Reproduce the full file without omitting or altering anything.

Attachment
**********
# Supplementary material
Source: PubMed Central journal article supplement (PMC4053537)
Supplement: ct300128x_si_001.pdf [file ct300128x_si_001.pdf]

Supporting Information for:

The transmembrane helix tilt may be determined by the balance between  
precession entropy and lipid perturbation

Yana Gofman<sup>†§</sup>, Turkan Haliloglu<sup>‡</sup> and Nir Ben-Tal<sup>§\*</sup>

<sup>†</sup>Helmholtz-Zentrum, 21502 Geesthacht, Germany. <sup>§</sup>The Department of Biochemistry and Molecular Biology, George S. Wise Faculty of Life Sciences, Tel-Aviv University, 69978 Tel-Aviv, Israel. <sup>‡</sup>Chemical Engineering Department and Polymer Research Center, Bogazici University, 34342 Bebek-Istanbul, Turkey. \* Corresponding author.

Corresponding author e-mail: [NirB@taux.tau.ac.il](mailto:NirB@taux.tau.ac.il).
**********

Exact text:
# Supplementary material
Source: PubMed Central journal article supplement (PMC4053537)
Supplement: ct300128x_si_001.pdf [file ct300128x_si_001.pdf]

Supporting Information for:

The transmembrane helix tilt may be determined by the balance between  
precession entropy and lipid perturbation

Yana Gofman<sup>†§</sup>, Turkan Haliloglu<sup>‡</sup> and Nir Ben-Tal<sup>§\*</sup>

<sup>†</sup>Helmholtz-Zentrum, 21502 Geesthacht, Germany. <sup>§</sup>The Department of Biochemistry and Molecular Biology, George S. Wise Faculty of Life Sciences, Tel-Aviv University, 69978 Tel-Aviv, Israel. <sup>‡</sup>Chemical Engineering Department and Polymer Research Center, Bogazici University, 34342 Bebek-Istanbul, Turkey. \* Corresponding author.

Corresponding author e-mail: [NirB@taux.tau.ac.il](mailto:NirB@taux.tau.ac.il).